The organic social life I enjoyed growing up was evaporating because many of the things that made Oakland’s Black and Brown communities feel comfortable made newcomers feel uncomfortable. I realized that Black and Brown people needed a space to unapologetically celebrate in their own way and that I had the influence needed to create it.
When I returned from Atlanta, my friends threw me a massive welcome back party. I was standing on the stage, a little tipsy, looking over a crowd of 800 people, and thought to myself “wow all these people showed up for me.” I was in awe. It was a confirmation of my influence and of what I meant to Oakland.
I thought to myself “I am so Oakland” and the next morning SoOakland was born. Out of the gate, I wanted SoOakland to go deep and start a movement. I knew that a little liquor and good music could get people to pay attention to important things.
My goal was to challenge negative stereotypes and to expose the beautiful things going on in Black and Brown Oakland. I wanted to organize events that would help us trust each other, and feel safe around each other. I wanted people to come to events with large groups of Black people without feeling afraid of violence.
A short time later, we hosted our first event at the Revolution Cafe, chosen because it was the original meeting place of the Black Panthers. SoOakland supports Black and Brown businesses by inviting vendors to our events. We use our parties to solicit donations for homeless people and to get out the vote. We call it “partying with a purpose.”
Building SoOakland wasn’t easy. I worked my ass off to develop a good rapport with the police because they had trust issues with events that catered to urban communities. SoOakland now hosts several yearly festivals with no issues. The atmosphere at our events is always laid back, casual and welcoming.
In 2016, the Oakland Mayor presented me with a proclamation, officially designating July 30th as SoOakland Day. Since then, we’ve hosted three SoOakland festivals, each one bigger and more wonderful than the last. The final festival before the pandemic hit had 9,000 people in attendance.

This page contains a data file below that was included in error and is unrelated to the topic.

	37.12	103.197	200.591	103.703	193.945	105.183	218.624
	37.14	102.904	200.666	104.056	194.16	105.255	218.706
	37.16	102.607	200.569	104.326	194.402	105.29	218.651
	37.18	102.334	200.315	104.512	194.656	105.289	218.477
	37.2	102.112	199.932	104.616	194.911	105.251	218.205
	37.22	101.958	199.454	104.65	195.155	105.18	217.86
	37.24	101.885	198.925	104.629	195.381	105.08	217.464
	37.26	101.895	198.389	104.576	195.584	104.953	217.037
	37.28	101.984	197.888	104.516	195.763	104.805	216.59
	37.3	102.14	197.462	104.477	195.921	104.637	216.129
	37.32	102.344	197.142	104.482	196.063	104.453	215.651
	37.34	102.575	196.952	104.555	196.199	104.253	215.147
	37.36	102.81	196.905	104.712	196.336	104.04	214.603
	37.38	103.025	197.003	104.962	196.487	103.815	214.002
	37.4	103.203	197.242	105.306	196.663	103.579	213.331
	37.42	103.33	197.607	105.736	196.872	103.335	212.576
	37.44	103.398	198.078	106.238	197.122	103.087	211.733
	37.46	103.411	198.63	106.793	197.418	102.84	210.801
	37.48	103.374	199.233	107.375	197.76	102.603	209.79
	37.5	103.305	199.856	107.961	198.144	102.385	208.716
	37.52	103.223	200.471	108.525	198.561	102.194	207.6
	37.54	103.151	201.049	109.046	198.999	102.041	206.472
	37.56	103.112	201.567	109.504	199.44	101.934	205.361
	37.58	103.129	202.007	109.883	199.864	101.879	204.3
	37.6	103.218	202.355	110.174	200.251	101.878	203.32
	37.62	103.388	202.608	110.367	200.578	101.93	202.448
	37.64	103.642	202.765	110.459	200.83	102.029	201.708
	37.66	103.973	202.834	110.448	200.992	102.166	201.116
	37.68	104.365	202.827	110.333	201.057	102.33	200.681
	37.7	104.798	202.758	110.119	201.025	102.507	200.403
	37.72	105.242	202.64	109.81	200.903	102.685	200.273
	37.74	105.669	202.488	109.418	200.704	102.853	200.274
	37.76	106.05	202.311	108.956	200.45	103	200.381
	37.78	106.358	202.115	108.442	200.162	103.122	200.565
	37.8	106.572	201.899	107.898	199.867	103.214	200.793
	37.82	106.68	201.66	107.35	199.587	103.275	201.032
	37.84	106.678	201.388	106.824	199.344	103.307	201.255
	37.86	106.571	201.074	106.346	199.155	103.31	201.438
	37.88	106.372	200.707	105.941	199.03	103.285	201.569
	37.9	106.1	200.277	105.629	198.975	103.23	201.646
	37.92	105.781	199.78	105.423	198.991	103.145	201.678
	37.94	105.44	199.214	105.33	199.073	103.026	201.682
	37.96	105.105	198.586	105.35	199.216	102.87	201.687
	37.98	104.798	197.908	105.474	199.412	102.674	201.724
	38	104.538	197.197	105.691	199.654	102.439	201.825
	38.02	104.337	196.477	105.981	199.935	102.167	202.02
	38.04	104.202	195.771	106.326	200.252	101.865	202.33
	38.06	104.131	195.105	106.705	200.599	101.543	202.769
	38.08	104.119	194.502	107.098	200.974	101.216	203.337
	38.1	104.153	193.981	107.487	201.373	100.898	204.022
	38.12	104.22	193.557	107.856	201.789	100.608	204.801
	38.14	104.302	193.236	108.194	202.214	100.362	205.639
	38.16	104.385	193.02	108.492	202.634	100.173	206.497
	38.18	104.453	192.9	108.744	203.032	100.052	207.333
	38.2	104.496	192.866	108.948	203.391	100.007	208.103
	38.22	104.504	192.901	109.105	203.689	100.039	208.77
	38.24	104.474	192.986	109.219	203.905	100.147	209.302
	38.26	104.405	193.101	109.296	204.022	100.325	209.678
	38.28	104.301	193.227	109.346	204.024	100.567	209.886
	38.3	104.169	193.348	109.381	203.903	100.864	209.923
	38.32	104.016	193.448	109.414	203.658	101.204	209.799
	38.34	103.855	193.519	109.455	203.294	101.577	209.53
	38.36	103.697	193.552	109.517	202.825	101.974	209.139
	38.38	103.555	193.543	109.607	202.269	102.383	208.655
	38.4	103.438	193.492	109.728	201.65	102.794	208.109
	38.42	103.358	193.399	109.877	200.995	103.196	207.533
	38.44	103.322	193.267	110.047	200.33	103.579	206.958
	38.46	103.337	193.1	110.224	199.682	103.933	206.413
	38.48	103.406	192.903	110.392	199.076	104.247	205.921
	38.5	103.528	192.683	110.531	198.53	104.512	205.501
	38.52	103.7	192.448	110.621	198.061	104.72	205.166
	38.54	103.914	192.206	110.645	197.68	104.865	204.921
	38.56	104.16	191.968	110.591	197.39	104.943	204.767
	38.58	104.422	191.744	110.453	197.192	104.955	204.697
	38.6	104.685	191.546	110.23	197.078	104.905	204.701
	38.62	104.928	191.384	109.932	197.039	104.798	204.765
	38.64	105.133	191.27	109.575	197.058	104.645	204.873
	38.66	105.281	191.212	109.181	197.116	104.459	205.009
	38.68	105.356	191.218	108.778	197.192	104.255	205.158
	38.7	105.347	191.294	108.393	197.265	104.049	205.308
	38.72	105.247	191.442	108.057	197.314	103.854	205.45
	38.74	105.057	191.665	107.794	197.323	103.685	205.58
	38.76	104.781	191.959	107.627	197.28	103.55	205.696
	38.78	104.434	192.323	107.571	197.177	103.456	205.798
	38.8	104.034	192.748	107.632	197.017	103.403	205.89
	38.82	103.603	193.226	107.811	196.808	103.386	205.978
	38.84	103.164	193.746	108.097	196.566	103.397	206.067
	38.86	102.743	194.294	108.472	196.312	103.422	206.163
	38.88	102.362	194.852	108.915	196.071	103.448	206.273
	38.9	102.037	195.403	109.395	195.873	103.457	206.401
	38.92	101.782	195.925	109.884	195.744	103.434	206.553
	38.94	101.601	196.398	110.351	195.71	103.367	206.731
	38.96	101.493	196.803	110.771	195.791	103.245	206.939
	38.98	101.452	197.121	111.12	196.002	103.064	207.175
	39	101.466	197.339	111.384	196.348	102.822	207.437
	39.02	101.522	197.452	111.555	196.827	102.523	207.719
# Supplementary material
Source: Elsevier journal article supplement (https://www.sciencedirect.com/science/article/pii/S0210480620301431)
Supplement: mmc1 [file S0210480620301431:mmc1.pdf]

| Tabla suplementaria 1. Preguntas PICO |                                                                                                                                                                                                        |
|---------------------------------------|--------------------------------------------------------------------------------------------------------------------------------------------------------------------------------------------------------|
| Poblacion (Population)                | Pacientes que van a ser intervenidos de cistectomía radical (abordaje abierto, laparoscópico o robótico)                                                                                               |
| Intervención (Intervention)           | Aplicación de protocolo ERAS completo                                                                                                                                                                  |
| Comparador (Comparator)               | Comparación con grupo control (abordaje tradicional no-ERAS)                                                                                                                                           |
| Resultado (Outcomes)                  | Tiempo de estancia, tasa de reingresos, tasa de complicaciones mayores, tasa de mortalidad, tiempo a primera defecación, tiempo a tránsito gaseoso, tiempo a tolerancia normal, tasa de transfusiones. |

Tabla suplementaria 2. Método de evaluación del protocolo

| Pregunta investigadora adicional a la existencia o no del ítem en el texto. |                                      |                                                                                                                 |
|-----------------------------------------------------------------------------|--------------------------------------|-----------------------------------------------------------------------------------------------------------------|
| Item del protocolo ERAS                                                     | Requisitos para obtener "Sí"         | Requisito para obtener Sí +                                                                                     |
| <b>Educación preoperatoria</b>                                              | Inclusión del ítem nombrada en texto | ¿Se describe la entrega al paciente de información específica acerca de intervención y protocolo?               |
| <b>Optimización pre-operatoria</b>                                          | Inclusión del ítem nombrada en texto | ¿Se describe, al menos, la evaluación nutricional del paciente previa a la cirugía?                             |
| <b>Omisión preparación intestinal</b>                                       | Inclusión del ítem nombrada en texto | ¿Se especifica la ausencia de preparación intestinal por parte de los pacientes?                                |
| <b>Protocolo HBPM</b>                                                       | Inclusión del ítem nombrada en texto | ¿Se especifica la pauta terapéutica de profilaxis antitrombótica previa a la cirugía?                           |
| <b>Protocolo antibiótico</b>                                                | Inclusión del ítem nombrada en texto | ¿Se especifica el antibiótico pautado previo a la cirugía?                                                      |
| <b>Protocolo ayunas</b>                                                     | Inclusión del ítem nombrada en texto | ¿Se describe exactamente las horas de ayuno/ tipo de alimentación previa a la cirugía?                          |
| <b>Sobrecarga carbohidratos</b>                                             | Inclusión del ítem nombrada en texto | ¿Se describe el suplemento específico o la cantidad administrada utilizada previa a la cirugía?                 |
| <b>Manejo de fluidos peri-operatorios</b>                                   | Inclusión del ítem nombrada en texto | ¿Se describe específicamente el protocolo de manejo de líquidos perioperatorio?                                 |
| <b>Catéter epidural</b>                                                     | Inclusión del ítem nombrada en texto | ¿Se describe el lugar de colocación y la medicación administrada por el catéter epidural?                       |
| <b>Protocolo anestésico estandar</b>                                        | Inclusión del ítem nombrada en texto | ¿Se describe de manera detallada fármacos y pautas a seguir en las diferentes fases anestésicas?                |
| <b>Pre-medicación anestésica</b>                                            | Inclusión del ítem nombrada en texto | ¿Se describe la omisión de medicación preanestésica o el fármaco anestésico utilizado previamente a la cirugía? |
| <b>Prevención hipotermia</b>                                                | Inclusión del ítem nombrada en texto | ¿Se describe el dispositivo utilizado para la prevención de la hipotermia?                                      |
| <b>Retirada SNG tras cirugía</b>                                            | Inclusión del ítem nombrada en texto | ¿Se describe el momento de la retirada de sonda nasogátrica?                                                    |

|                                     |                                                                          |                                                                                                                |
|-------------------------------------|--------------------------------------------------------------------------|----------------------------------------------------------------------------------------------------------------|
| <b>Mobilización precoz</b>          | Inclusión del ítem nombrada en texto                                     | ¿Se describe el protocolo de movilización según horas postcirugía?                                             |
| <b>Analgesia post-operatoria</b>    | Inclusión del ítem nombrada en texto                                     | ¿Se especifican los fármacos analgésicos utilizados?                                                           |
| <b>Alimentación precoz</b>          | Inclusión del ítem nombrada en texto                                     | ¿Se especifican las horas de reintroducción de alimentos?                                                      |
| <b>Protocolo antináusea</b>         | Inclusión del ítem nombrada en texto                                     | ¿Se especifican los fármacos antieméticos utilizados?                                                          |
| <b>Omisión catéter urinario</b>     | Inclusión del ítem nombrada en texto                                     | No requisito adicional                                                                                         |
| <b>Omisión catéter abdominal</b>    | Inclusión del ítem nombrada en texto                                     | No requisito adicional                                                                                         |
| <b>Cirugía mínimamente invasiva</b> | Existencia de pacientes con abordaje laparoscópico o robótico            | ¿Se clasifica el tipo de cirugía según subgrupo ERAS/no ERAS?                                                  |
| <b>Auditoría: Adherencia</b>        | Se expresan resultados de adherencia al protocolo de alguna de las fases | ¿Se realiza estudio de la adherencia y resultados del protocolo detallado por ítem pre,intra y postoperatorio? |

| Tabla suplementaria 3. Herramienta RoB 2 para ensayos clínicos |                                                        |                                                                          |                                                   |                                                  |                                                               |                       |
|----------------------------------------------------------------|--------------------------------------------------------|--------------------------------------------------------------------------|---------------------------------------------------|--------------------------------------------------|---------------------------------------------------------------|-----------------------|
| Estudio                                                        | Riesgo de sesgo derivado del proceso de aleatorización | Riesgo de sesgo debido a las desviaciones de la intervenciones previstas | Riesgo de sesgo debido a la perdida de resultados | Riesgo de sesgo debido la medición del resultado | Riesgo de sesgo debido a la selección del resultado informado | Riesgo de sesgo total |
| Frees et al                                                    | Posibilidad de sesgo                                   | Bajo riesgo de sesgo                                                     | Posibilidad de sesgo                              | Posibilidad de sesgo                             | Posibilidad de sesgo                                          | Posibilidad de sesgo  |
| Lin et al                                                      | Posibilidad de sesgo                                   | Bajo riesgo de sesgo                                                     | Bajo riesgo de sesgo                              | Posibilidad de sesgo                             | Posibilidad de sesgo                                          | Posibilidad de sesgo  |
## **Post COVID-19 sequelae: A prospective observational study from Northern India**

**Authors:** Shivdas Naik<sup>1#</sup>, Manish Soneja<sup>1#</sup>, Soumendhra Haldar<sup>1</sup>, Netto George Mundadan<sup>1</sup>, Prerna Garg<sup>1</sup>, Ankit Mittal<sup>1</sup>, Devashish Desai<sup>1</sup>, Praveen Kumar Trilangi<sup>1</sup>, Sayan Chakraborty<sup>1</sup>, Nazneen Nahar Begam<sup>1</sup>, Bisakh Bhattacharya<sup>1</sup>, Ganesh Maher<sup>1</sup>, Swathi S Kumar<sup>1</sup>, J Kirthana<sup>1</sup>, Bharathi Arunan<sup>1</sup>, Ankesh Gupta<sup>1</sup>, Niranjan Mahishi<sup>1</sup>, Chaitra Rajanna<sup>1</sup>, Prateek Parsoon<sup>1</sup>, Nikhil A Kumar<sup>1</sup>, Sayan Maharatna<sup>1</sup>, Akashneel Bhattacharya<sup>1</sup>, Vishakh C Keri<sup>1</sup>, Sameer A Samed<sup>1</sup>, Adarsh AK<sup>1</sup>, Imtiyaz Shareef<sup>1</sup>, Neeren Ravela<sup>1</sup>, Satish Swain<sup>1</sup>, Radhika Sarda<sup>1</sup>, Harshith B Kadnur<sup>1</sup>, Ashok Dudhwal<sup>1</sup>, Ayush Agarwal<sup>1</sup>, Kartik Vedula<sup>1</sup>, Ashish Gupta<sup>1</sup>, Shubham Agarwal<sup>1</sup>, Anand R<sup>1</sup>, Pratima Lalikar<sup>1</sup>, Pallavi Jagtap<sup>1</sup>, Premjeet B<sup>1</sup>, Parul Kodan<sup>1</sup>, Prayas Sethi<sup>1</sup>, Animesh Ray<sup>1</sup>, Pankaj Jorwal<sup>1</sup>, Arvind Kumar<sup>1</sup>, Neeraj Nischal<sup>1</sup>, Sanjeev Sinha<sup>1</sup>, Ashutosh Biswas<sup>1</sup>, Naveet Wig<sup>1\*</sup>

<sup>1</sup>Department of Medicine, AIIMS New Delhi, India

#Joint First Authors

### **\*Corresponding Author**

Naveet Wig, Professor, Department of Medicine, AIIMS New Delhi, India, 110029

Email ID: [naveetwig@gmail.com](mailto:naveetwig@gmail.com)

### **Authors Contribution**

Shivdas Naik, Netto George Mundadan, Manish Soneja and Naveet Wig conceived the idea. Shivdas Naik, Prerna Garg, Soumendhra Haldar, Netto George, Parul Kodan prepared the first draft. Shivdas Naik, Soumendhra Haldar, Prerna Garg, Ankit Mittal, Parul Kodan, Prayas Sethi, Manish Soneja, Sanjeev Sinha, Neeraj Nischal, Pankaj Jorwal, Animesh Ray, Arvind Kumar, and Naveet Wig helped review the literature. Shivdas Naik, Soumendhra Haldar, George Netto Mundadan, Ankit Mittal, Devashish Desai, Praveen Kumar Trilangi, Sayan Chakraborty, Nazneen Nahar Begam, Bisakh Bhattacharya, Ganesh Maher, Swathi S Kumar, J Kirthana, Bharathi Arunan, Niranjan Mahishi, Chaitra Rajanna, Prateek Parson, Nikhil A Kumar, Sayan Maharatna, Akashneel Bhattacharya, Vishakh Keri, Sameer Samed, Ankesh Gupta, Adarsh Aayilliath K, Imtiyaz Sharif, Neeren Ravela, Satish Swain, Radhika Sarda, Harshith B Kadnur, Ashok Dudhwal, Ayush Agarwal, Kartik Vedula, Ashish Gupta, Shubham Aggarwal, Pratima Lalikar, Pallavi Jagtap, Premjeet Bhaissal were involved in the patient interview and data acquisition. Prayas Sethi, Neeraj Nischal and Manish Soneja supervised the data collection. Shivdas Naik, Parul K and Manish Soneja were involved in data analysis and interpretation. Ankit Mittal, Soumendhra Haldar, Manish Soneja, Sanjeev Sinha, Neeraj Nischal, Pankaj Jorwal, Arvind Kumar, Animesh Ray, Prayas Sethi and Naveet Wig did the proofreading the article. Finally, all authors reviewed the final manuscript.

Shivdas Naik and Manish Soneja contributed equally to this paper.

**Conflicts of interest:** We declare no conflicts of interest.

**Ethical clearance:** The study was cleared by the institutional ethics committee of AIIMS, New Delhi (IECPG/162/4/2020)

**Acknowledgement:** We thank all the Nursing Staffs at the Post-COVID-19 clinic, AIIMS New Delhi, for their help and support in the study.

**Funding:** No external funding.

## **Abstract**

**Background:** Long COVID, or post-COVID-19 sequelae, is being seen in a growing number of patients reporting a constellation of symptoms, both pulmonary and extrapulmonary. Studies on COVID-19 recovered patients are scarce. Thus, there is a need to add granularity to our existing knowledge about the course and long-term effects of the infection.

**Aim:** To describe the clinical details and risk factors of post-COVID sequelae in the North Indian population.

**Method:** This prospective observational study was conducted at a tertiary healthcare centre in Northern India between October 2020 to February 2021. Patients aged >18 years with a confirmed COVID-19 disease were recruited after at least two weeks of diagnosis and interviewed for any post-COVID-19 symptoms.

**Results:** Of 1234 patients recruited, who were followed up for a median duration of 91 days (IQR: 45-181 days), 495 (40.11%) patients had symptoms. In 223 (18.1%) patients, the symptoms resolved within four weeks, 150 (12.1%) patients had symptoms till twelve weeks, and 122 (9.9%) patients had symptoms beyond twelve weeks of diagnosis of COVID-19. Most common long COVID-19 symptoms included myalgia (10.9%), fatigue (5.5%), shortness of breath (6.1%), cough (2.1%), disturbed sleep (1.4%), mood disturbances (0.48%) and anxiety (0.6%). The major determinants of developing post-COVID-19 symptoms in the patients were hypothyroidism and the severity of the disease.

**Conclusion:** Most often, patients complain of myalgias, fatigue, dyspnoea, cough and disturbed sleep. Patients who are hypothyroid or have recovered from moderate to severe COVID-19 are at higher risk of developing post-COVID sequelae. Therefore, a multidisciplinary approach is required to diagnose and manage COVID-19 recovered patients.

I rested during COVID but also raised $300,000 and founded a foundation that helps Black and Brown-owned businesses impacted by the pandemic or vandalized during the George Floyd protests. I’ve received amazing support from large institutions like The Warriors and Target.
Today I am taking SoOakland on the road with the goal of showcasing the Bay Area’s culture, music, and food in other American cities. I want people to know the incredible and positive impact Oakland has had on American culture.
In the end, the thing I love most about Oakland is my people. I just adore their uniqueness and individuality. In Oakland, we are just ourselves. We don’t put up with shit. When racist things happen we just do not play. Black, brown, or white we all come together, and that is what makes The Town one of the best places on earth.
Shayla is an entrepreneur, trendsetter and the founder of SoOakland, an event business with a social mission.
In 2016, the Oakland Mayor designated July 30th as SoOakland Day her achievements in getting The Town “partying with a purpose.”
SoOakland hosts community events that celebrate Oakland’s culture, foster community service, and create safe spaces for the Black and Brown communities to gather and unapologetically celebrate in their own way.
Photos by Brandon Ruffin.
Oakland is diverse and Oakland is proud. 'We Are Oaklandish' is a storytelling project created to highlight just that.
These are stories that shed light on the different experiences, memories, and opinions of the people in the city we all love. They are people who give our city its oddball spirit, its passion for justice, and its creative vigor. They lift us up with laughter, peace, nourishment, and authentic hard work.
They make us proud to call this town our home. They are Oaklandish.
Read more: We Are Oaklandish